September 27, 2012
“Unfortunately, that’s not going to be finished by your deadline.” These are probably familiar words to anyone who has been involved with a new building or renovation project. Timelines get adjusted for myriad reasons: funding issues, availability of materials, structural roadblocks. While construction timelines often end up out of our control, there are a number of things that can be done to minimize negative impact. Here are a few tips I have from my personal experiences with a (nearly complete) student center renovation.
Be proactive wherever possible. It’s easy to be upset if a space isn’t fully renovated by the time you had planned. At the end of the day, however, being upset doesn’t get you into a renovated space. Instead, try thinking about how you could utilize the space you do have to temporarily perform some of the same functions. Due to a number of factors, the student-run copy center space in our current renovation was not ready by the start of classes, as we had hoped. Once we had an idea that the space wouldn’t be ready, we decided to move the operation temporarily into the lobby/waiting area of our office suite. While this wasn’t ideal, it allowed us to continue with the service until the new space was ready.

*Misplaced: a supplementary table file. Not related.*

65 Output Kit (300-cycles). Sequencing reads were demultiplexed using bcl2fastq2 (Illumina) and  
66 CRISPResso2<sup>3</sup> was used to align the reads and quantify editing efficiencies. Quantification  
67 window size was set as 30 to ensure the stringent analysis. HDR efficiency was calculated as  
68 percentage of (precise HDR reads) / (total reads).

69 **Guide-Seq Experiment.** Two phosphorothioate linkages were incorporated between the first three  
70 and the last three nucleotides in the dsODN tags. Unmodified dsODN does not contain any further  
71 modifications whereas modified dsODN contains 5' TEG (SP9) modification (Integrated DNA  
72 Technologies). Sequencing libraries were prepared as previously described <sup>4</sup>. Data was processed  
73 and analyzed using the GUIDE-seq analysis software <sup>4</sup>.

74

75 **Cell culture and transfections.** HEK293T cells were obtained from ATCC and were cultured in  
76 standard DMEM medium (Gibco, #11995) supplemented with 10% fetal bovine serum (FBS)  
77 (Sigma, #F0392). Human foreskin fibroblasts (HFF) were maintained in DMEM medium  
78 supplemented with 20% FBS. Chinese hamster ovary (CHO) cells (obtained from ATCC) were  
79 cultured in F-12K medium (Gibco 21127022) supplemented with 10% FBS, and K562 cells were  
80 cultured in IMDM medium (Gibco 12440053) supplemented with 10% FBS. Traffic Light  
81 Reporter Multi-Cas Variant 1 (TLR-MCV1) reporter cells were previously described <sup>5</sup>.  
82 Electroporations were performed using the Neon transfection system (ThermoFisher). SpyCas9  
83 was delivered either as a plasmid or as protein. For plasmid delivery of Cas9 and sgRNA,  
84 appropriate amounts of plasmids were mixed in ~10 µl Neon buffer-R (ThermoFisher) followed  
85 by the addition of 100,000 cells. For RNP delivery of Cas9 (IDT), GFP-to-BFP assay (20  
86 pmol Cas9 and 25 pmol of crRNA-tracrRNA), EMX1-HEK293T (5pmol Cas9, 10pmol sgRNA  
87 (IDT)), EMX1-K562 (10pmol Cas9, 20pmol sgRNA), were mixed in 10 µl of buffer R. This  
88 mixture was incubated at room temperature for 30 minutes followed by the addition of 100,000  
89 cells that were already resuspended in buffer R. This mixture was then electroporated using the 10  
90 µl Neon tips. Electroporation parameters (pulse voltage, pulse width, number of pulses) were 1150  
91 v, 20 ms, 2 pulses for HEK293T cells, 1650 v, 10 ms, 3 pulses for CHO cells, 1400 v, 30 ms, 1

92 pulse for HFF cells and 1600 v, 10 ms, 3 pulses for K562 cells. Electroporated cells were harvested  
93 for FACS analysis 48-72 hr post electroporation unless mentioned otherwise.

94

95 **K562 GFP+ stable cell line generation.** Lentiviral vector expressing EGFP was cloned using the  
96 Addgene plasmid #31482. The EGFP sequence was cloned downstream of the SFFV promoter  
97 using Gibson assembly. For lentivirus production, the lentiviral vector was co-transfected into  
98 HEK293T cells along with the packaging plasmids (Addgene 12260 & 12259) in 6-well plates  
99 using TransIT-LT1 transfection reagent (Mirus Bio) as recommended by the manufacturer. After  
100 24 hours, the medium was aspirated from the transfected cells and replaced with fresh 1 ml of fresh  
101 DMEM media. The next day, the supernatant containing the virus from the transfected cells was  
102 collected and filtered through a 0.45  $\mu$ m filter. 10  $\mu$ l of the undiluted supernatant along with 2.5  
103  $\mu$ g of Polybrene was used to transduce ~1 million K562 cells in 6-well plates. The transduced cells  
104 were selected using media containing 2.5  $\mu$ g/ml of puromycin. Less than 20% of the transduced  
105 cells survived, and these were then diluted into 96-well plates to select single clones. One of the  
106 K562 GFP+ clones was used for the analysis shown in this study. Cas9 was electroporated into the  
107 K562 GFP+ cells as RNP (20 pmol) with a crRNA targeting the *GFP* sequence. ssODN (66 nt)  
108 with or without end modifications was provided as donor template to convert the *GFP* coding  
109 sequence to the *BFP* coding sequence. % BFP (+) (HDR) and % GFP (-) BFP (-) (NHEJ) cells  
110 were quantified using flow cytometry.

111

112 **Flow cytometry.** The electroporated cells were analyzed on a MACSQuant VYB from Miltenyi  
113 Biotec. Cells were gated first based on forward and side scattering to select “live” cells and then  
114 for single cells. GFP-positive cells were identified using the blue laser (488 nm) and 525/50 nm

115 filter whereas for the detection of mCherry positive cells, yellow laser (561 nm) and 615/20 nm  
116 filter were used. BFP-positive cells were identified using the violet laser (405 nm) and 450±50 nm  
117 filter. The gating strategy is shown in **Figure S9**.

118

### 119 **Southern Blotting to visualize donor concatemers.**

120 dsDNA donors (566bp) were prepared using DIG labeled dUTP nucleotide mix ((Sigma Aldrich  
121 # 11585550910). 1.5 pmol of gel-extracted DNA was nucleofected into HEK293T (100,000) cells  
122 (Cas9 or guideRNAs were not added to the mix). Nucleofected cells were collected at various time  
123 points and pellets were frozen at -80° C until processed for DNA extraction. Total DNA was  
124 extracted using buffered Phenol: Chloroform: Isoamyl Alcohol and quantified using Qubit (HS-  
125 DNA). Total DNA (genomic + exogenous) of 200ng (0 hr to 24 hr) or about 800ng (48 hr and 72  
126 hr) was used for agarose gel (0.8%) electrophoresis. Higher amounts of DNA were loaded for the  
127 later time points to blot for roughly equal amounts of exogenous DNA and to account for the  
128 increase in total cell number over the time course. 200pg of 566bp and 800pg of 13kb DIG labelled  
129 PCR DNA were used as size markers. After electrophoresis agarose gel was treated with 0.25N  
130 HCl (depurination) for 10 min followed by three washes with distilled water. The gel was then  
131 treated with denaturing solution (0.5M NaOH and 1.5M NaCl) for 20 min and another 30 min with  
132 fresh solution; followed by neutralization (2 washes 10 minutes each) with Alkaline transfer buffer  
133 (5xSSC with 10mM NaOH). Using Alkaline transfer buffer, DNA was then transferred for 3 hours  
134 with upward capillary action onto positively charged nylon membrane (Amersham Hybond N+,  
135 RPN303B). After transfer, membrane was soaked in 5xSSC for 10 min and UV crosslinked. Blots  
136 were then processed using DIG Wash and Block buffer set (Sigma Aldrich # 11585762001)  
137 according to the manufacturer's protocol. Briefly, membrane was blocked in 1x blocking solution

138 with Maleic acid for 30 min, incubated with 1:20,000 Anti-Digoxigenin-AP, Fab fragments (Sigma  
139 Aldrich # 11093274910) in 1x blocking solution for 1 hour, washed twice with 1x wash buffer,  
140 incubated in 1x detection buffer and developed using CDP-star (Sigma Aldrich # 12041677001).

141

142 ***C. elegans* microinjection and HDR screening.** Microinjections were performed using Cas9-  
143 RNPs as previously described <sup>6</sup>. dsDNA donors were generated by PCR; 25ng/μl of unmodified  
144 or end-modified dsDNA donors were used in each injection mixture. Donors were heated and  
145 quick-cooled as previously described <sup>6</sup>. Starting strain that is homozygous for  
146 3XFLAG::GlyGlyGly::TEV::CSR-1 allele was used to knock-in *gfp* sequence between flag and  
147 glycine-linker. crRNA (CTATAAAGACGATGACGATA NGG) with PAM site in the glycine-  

Keep people informed of changes. Though it can be frustrating if aspects of a renovation project are not ready by an original timeline, these issues can be compounded by lack of communication with stakeholders. Various people on campus might be relying on an area to be open for an event or service. If they aren’t kept up-to-date with changes, something that is a relatively easy fix could quickly turn into a scheduling nightmare.
See opportunities, rather than roadblocks. While temporary work and programming spaces can be less than ideal, they can also provide occasions for new connections. Some of our student organizations have space that is not yet fully renovated. As a result, they have been working out of some of the common areas in our Center for Student Involvement. Just having students constantly in the space has allowed my coworkers and me to make some more meaningful connections with these students. We may not have had these opportunities had they been in their renovated space on time.
What has helped you get through delayed renovations? How have you had to adapt to changing circumstances? What new opportunities have you found through these changes?
is the Associate Director of Student Life/Student Center at Southern New Hampshire University.
Gavin grew up in Wisconsin, but has been at Southern New Hampshire University since 2008. In his current role, Gavin advises the Student Government Association as well as the Senior Events Committee. In addition, he supervises multiple student employment areas and operations within the Robert A. Freese Student Center. Gavin also coordinates aspects of orientation and assists with student leadership development efforts. Gavin currently serves on both the Regional Leadership Team and Conference Program Team for Region 1. In his free time, Gavin enjoys traveling with his partner, Sara, and hanging with friends.